2 We use electronic commerce in this study to refer to a digitally enabled commercial transaction between and among businesses (B2B), businesses and consumers (B2C), governments and businesses (G2B), governments and citizens (G2C) or citizens and governments (C2G). The question raised by the study was related to the implications of E- Commerce for higher learning academic institutions. We tried to contribute to addressing the question by focusing specifically on business schools intentions to offer Electronic Commerce Degree Programs (ECDP), using the Extended Theory of Reasoned Actions (ETRA). The paper is organized as follows. First, we specify the proposed Extended Theory of Reasoned Action followed by the relevant hypotheses. Next, we expose the study s methodology. Finally, we report the study s results followed by discussions and conclusions. THEORY AND HYPOTHESES The Extended Theory of Reasoned Action The Theory of Reasoned Action (TRA), developed by Fishbein and Ajzen (1975) and Ajzen and Fishbein (1980), is one of the earliest theoretical frameworks proposed to investigate behavioral intentions related to adoption of innovations. However, the TRA suffers a generalization deficiency. Indeed, the TRA was constructed essentially for individual level of analysis, as shown by its use of terms like person or individual. Wolfe (1994, p.8) has explained that original diffusion research dealt with the adoption behavior of individuals, like farmers in Ryan and Gross (1943) and doctors in Menzel and Katz (1955). Nevertheless, after innovations diffusion research has grown and expanded from individual level of analysis to organizational level of the analysis, necessary adjustments have not been made. Therefore, it becomes somehow difficult to apply the TRA to organizational level research questions without some adjustments. In the current study, we tried to provide such adjustments by proposing an Extended Theory of Reasoned Action (ETRA). Instead of person or individual, the ETRA uses actor, which is a more general and inclusive term borrowed from economics. The ETRA postulates that an actor s behavioral intention to perform or not to perform a given behavior is determined by the actor s attitude toward the behavior and some subjective norms about the behavior. al intention constitutes a cognitive dimension of behavior, reflecting a state of mind that drives an actor to perform or not to perform a given behavior. In addition to the adjustments related to the level of analysis, we also introduced a new construct, behavioral readiness, as a mediating variable between behavioral intention and its predictors: attitude toward behavior and subjective norms about behavior. We define behavioral readiness as a pre-behavior state of perceived internal factors that can strengthen or weaken behavioral intention to perform or not to perform a given behavior. Attitude toward behavior refers to the degree to which an actor has a favorable or unfavorable evaluation or appraisal of the behavior in question (Ajzen, 1991). The ETRA contends that an actor s attitude toward a behavior is determined by a set of salient beliefs about certain outcomes (positive or negative) related to the behavior. Subjective norms about behavior refer to the perceived social pressure to perform or not to perform the behavior (Ajzen, 1991). The ETRA posits that subjective norms about behavior are the results of certain normative beliefs (favorable or unfavorable). After specifying the ETRA, the main research question was whether it would make some incremental contributions over the initial TRA in predicting behavioral intention. More specifically, we tried not only to look at whether attitude toward behavior and subjective 149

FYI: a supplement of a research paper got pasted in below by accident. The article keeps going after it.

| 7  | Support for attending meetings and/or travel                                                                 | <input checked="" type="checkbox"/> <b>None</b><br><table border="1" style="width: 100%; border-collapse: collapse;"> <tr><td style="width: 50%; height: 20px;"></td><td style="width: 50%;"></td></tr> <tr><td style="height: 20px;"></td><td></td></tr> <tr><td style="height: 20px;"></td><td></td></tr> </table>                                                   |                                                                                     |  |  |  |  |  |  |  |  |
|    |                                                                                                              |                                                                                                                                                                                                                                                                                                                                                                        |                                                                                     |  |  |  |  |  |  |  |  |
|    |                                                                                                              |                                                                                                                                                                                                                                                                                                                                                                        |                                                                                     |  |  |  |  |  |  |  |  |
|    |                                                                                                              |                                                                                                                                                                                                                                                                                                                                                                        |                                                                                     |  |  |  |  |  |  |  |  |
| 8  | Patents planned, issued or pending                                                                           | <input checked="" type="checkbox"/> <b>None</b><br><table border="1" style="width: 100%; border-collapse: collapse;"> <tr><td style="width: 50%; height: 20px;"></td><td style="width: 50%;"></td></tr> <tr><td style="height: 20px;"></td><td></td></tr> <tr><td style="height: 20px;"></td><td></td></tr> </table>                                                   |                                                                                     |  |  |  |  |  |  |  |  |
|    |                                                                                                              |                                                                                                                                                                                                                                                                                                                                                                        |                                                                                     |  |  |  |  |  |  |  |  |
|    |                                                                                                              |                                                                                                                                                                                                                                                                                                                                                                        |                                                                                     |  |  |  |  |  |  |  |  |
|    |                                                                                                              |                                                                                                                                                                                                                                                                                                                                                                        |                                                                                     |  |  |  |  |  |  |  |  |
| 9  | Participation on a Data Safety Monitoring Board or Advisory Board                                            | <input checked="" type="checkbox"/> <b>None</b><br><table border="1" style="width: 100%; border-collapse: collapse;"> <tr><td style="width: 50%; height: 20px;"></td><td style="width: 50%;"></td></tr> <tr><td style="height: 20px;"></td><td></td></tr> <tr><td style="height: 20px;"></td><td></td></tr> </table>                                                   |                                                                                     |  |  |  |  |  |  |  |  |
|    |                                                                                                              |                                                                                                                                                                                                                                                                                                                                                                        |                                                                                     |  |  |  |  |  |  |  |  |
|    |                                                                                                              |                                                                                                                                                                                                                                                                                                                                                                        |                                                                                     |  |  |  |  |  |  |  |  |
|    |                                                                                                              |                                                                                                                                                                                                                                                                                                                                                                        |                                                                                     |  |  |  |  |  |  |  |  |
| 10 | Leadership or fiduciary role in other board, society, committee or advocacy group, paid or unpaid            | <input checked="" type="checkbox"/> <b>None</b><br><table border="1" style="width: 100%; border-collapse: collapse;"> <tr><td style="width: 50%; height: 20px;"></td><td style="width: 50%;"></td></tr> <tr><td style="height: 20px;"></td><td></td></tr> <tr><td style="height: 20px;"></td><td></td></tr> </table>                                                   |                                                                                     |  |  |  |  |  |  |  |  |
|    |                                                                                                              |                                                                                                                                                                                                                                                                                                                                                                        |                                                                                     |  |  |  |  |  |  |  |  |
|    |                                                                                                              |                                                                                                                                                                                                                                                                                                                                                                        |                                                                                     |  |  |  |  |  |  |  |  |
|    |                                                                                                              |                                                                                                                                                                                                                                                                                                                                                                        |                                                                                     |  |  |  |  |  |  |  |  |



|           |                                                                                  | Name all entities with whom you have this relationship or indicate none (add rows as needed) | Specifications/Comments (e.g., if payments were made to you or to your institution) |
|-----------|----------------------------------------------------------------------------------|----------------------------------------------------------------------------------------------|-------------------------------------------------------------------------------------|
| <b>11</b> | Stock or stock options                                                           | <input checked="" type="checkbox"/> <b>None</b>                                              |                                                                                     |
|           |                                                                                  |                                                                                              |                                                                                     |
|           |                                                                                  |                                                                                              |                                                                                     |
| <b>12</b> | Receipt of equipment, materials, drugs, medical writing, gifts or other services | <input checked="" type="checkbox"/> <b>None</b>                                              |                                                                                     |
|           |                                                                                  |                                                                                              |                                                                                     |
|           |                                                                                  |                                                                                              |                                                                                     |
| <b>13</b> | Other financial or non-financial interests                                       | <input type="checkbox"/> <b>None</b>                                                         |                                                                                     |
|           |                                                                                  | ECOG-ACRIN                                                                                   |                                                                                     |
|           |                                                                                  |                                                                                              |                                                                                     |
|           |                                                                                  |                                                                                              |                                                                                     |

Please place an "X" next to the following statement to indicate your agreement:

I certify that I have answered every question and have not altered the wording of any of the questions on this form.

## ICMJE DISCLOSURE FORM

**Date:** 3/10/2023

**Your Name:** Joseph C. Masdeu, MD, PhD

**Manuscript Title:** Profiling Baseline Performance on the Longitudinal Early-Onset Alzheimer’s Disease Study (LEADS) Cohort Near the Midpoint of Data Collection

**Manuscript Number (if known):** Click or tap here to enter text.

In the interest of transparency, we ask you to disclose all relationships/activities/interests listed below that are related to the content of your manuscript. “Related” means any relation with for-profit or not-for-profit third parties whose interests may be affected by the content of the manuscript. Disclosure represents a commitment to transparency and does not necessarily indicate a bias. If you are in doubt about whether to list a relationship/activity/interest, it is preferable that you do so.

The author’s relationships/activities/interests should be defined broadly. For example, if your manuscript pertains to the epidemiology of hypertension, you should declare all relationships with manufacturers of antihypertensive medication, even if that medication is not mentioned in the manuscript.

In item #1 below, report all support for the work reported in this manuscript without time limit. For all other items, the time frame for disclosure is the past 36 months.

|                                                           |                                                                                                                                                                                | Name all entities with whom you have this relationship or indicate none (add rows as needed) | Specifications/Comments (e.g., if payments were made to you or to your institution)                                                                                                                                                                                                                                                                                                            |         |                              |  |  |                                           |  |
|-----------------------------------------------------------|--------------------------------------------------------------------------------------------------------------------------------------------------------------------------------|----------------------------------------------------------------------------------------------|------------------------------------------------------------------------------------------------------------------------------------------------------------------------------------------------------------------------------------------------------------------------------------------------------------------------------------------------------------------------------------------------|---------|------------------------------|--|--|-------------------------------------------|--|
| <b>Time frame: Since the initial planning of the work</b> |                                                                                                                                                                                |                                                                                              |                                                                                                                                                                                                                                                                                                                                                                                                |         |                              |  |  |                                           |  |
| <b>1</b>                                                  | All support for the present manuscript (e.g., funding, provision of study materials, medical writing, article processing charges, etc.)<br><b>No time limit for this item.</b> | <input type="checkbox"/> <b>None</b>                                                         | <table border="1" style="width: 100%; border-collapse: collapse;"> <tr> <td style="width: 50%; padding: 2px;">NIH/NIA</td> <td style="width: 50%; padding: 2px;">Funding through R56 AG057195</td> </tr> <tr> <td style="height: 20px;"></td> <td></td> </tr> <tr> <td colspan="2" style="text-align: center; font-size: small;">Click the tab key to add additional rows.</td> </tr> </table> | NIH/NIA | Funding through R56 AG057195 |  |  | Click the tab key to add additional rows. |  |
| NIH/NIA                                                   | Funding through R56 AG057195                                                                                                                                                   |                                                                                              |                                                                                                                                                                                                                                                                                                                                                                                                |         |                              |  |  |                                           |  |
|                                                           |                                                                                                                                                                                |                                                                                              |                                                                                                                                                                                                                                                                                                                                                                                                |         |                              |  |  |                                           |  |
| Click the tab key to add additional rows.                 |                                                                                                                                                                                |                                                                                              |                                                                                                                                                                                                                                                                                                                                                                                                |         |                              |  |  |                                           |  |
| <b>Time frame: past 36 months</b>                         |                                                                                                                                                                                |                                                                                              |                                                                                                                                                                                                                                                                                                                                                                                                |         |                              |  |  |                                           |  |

3 norms about behavior would be significant predictors of behavioral intention, but also to test whether behavioral readiness would be a significant mediating variable. Figure 1 presents the postulated model. Attitude toward H4 al Readiness H3 H1 al Intentions Subjective Norms about H5 H2 Figure1: Postulated Model Hypotheses Consistent with the postulated model, we tested the ETRA (using three predictors: behavioral readiness, attitude and subjective norms) as compared with the TRA (which uses only attitude and subjective norms). We made the following arguments. First, we argued that the more favorable an actor s attitude is toward a given behavior, the stronger should be the actor s behavioral intention to perform or engage in the behavior. More specifically, we believed that the more favorable a school s attitude is toward ECDP, the stronger should be the school s behavioral intention to offer such program. Conversely, the more unfavorable a school s attitude is toward ECDP, the weaker should be the school s behavioral intention to offer the program. Thus, based on the review of the literature, we formulated the study s first hypothesis as follows: Hypothesis 1: A school s attitude toward electronic commerce degree program offering will be related to the school s behavioral intention to offer ECDP. Secondly and similarly, we argued that the more favorable are subjective norms about a given behavior, the stronger should be the behavioral intention to perform or engage in the behavior. This suggests that for a given business school, the more favorable are subjective norms about offering ECDP, the stronger should be the school s behavioral intention to offer such program. In contrast, the more unfavorable are subjective norms about ECDP, the weaker should be the school s behavioral intention to offer the program. Therefore, we formulated the study s second hypothesis as below: Hypothesis 2: Subjective norms about electronic commerce degree program offering will be related to a school s behavioral intention to offer ECDP. Thirdly, we contended that the greater is an actor s behavioral readiness for a given behavior, the stronger should be the actor s behavioral intention to perform that behavior. For this study in 150